Cryopreservation Of Embryos, Sperm, And Oocytes

How Does Cryopreservation Work?

Cryopreservation is a technique used by IRMS to freeze and then thaw eggs, embryos or sperm for use in in vitro fertilization (IVF) cycles. Thawed sperm may also be used in IUI (intrauterine insemination) treatment cycles. With the availability of frozen embryos, a woman doesn’t need to undergo stimulation by fertility drugs in order to have an embryo transfer during an infertility treatment cycle.

Embryo Cryopreservation

During the standard course of infertility treatment, hormones are used to stimulate the development of multiple eggs. After these eggs are retrieved and fertilized in the laboratory, there may be more embryos created than can reasonably be transferred to the woman’s uterus. When these “extra” embryos are of sufficient quality, they may be cryopreserved (frozen) so they may be transferred at some future date. Embryo cryopreservation, which is possible in approximately 60% of IVF cycles at IRMS, provides the opportunity to have an additional embryo transfer without the inconvenience and expense of an additional IVF cycle.

Embryos may be cryopreserved at any stage between day 1 and day 7 after egg retrieval. However, not all embryos are candidates for cryopreservation.

Experience has shown that high quality embryos are far more likely than others to survive and be capable of further development after cryopreservation. Embryos that divide slowly, or are irregular in other ways, do not fare well after cryopreservation and, therefore, are not frozen.

Problems such as these are more prevalent in older women. After placing the embryos in a cryoprotectant solution, they are flash cooled at a rate greater than 10,000 degrees C/minute in a process called vitirfication. Long-term embryo storage is in liquid nitrogen at a temperature of -320 degrees˚F (-196 degrees˚C)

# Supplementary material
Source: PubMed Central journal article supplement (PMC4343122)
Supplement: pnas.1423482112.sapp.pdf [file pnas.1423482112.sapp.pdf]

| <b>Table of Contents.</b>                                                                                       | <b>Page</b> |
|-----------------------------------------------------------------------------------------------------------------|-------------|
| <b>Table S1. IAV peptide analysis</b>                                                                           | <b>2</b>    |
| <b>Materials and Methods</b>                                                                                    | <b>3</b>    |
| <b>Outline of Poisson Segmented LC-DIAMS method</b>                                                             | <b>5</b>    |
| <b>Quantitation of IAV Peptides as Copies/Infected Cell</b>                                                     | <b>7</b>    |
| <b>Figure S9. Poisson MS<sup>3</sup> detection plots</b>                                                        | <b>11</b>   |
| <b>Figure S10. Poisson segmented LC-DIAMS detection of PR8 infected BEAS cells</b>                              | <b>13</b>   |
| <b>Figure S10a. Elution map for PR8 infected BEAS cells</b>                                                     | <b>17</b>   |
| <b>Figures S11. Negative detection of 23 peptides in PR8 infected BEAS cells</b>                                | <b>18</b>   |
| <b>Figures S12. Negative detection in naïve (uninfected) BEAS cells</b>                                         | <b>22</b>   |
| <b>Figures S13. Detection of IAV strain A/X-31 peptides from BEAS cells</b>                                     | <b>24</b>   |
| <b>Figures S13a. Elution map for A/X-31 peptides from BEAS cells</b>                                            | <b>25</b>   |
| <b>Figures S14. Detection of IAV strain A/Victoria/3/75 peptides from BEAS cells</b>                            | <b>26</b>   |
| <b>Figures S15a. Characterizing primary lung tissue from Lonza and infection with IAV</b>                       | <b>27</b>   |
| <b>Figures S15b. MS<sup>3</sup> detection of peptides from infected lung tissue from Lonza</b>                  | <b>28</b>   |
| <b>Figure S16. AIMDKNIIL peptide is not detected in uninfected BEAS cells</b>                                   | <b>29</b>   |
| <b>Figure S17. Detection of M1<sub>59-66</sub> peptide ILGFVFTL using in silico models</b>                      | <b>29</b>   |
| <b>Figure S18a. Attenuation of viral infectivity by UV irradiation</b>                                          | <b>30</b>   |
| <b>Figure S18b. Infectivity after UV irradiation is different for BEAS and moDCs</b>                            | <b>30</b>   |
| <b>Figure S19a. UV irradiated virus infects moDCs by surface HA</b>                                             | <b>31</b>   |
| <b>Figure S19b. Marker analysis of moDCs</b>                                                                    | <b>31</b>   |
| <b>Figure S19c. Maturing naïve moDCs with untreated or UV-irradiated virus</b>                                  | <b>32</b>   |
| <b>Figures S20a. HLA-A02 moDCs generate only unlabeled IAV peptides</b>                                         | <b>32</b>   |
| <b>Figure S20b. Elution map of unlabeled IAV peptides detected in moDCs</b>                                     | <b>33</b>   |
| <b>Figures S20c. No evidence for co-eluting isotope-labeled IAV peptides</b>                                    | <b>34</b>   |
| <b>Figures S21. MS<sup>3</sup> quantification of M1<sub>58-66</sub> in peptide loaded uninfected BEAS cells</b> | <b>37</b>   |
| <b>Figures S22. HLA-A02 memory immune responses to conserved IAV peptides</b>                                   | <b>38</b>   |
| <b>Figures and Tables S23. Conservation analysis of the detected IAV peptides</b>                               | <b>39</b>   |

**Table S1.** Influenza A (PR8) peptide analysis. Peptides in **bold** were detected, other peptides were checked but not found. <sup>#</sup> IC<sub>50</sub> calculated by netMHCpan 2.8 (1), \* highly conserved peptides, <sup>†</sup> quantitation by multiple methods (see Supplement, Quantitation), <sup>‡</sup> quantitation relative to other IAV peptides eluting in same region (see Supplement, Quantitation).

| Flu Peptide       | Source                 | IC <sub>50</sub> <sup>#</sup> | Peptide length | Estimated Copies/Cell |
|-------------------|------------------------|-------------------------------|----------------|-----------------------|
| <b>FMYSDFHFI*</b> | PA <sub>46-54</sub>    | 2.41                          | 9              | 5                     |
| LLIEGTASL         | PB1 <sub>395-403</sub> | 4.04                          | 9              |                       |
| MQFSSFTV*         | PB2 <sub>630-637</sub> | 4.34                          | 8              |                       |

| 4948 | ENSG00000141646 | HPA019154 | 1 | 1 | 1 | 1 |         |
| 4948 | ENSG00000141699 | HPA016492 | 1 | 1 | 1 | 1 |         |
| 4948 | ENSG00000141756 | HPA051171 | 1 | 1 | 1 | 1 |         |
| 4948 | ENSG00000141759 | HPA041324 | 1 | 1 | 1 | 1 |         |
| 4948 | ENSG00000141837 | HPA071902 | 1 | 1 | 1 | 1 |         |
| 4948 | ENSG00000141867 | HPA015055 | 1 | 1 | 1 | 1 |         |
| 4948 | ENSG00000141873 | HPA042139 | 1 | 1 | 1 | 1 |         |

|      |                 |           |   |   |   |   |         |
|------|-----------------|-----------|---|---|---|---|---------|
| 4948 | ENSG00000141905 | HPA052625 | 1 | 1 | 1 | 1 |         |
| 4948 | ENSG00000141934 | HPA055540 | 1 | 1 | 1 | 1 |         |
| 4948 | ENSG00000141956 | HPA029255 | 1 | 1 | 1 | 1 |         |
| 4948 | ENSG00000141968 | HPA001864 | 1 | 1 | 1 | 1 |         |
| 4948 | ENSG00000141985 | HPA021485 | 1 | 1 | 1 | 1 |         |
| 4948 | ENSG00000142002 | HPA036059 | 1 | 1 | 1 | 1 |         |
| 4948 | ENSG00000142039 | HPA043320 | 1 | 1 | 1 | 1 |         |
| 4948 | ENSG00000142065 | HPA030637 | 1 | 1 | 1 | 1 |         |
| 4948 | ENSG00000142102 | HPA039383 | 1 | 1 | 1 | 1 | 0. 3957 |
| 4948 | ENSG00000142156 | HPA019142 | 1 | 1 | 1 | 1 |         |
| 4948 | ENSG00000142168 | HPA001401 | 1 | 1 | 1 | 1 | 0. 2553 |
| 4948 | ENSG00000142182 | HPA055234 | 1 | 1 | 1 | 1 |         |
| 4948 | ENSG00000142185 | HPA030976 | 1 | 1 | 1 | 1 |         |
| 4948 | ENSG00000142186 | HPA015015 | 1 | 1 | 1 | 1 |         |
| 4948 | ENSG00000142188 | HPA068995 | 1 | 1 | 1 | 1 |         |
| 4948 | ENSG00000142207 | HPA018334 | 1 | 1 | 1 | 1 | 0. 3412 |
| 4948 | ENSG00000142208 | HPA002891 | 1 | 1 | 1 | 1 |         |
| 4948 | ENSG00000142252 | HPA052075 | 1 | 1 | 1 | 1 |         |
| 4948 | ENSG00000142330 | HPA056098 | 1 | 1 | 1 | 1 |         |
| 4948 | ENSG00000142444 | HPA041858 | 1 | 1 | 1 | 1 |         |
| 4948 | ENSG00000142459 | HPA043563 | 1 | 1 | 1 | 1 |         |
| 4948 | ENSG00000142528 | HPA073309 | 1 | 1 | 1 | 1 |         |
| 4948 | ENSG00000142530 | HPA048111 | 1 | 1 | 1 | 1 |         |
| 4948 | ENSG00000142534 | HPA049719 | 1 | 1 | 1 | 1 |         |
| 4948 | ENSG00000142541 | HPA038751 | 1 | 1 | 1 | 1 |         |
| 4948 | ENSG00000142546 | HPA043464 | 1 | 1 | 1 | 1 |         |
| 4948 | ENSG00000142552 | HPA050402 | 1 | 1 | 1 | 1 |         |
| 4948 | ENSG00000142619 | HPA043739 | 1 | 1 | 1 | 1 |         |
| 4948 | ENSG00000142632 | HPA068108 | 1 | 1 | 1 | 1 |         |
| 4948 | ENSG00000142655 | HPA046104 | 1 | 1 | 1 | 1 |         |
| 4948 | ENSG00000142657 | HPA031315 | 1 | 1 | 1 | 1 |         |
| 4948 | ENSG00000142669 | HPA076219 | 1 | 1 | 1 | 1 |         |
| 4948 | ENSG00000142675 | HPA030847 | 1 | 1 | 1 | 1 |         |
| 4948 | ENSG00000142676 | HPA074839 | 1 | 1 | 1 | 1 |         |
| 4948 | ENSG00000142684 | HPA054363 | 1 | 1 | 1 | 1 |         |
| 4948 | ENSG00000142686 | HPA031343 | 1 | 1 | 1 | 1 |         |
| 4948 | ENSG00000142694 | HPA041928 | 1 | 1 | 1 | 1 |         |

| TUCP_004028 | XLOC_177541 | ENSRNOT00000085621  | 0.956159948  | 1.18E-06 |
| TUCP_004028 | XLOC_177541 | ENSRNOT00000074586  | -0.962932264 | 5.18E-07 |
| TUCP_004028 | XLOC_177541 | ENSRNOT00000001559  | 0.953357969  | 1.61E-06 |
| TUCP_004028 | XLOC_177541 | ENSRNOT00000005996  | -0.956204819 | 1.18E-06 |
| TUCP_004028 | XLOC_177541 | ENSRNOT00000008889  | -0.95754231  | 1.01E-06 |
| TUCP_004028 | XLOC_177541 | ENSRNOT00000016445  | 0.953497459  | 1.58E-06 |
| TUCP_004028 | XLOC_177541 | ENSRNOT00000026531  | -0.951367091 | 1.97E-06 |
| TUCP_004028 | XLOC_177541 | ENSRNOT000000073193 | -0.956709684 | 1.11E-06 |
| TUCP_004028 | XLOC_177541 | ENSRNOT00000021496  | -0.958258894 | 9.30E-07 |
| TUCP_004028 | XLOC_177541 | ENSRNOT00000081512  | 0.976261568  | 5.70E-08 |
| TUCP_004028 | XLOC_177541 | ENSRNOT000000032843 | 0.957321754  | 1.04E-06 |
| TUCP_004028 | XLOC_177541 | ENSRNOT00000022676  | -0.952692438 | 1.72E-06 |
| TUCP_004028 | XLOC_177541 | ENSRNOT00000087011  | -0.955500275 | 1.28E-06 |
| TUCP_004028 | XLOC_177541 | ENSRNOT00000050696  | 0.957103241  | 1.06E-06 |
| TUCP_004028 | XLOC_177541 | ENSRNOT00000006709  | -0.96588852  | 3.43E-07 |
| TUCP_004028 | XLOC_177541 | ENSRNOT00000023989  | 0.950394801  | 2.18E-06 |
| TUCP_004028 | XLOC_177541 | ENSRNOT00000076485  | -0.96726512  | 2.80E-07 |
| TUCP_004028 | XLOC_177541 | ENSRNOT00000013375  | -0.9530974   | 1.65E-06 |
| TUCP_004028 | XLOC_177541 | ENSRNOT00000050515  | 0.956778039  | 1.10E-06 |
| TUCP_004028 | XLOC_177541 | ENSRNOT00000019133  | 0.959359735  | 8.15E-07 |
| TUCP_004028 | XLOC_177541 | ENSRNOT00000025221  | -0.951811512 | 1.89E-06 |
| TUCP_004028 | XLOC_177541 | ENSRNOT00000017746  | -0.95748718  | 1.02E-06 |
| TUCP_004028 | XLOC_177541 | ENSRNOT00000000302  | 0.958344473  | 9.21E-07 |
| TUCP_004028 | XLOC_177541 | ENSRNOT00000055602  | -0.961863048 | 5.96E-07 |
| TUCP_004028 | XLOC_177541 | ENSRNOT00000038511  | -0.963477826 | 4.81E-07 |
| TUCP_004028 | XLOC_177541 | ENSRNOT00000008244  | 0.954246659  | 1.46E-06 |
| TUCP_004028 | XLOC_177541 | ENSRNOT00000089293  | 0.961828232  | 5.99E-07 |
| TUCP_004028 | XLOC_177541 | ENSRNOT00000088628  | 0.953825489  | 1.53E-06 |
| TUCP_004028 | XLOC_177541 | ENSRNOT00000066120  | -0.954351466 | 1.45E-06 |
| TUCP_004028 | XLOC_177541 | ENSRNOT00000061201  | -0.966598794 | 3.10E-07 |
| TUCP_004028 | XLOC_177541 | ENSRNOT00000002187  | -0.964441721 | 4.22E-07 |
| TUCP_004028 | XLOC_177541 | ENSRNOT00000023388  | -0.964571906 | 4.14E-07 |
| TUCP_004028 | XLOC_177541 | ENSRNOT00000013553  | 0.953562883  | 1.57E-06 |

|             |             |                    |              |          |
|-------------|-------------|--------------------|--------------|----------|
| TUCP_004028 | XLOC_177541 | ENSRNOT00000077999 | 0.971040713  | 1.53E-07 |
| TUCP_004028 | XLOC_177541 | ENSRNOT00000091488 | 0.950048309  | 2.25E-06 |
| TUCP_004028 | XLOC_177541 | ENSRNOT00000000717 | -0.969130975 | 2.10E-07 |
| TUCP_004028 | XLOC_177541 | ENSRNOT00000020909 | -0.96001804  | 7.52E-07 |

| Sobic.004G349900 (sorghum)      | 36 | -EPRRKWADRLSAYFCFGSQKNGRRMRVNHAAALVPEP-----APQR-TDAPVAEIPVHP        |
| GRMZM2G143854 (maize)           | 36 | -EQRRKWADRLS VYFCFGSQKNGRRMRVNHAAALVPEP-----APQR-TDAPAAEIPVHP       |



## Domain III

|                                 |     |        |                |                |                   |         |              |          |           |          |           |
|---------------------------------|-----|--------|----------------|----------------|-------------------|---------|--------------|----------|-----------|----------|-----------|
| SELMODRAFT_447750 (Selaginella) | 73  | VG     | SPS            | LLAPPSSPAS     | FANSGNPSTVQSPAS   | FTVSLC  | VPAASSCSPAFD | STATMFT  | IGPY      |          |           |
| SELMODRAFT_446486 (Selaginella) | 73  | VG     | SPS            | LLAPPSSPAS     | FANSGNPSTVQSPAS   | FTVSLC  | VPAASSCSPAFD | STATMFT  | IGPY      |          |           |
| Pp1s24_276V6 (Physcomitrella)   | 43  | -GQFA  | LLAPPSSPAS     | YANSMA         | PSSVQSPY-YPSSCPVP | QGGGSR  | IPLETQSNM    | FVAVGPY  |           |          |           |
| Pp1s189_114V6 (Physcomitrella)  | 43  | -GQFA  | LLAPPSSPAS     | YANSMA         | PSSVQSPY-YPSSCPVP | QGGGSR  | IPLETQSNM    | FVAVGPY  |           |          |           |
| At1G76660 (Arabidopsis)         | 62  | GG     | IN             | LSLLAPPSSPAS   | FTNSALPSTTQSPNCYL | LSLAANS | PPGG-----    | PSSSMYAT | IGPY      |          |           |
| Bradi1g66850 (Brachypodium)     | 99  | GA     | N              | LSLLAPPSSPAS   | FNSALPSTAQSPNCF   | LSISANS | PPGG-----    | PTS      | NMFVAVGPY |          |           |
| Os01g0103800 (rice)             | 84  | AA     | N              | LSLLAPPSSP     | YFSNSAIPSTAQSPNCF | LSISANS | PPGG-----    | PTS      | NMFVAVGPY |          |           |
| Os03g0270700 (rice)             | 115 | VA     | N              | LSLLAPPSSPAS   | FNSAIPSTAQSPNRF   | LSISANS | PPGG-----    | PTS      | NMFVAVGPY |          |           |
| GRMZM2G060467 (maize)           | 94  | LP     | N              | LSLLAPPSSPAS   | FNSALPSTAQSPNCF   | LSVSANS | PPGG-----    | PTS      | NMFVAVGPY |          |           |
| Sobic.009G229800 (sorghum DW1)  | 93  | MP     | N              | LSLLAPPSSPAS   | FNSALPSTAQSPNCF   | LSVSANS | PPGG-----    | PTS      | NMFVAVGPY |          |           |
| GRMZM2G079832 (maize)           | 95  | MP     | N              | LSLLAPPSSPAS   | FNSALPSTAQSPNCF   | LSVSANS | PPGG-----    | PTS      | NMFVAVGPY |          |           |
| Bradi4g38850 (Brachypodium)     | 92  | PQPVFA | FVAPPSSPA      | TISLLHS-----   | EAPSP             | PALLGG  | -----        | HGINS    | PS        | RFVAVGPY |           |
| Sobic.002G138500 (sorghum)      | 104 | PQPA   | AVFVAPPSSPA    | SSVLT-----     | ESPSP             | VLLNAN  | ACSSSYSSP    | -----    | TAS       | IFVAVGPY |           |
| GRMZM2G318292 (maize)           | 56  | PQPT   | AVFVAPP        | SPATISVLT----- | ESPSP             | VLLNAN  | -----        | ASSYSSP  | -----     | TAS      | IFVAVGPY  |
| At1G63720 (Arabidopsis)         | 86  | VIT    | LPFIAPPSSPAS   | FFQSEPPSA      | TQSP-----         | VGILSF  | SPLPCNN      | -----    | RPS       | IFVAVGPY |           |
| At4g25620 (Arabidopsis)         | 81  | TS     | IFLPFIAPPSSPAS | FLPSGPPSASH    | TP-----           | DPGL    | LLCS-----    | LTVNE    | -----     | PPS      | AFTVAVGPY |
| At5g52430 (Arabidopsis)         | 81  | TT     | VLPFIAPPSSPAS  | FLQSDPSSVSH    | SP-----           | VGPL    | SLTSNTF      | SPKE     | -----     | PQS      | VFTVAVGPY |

Cryopreserved embryos are replaced during either a natural menstrual cycle or a hormonally controlled cycle. Considerable care is taken to minimize the possibility of damage caused by cryopreservation. Typically, embryos survive warming after vitrification at rates exceeding 90%. For oocytes, the post-vitrification survival rate is 85-90%.

Extended periods of storage in liquid nitrogen have no apparent effect on their viability. Embryos thawed after several years of cryostorage fare as well as those frozen for only one or two months. Since 1983, the cryopreservation procedure has resulted in the birth of thousands of babies worldwide.

Oocyte Cryopreservation

Major advances have been made in the past several years in our ability to freeze human oocytes (eggs) and we now routinely freeze eggs as an elective option for women who seek to delay childbearing or who are looking to preserve their fertility as a result of a medical diagnosis such as cancer.

Vitrification is a newer and more advanced cryopreservation technique where eggs undergo rapid freezing, not allowing time for ice crystals to form. Vitrification of eggs involves newer cryoprotectants that have high concentrations of “anti-freeze” like products. In order to do successfully, the technique involves a fair amount of experience and expertise. The oocyte is first placed in a bath with a lower concentration “anti-freeze-like” cryoprotectant, along with sucrose (sugar) to help draw some of the water out of the egg. Then, the egg is moved into a high concentration of cryoprotectant for less than one minute and immediately placed in a liquid nitrogen bath (minus 320 degrees Fahrenheit) which instantaneously freezes the egg. When the woman is ready to attempt pregnancy, the egg is rapidly warmed and the cryoprotectant is washed away.

With vitrification, it is now possible to cryopreserve the human egg as successfully as it has been to cryopreserve embryos.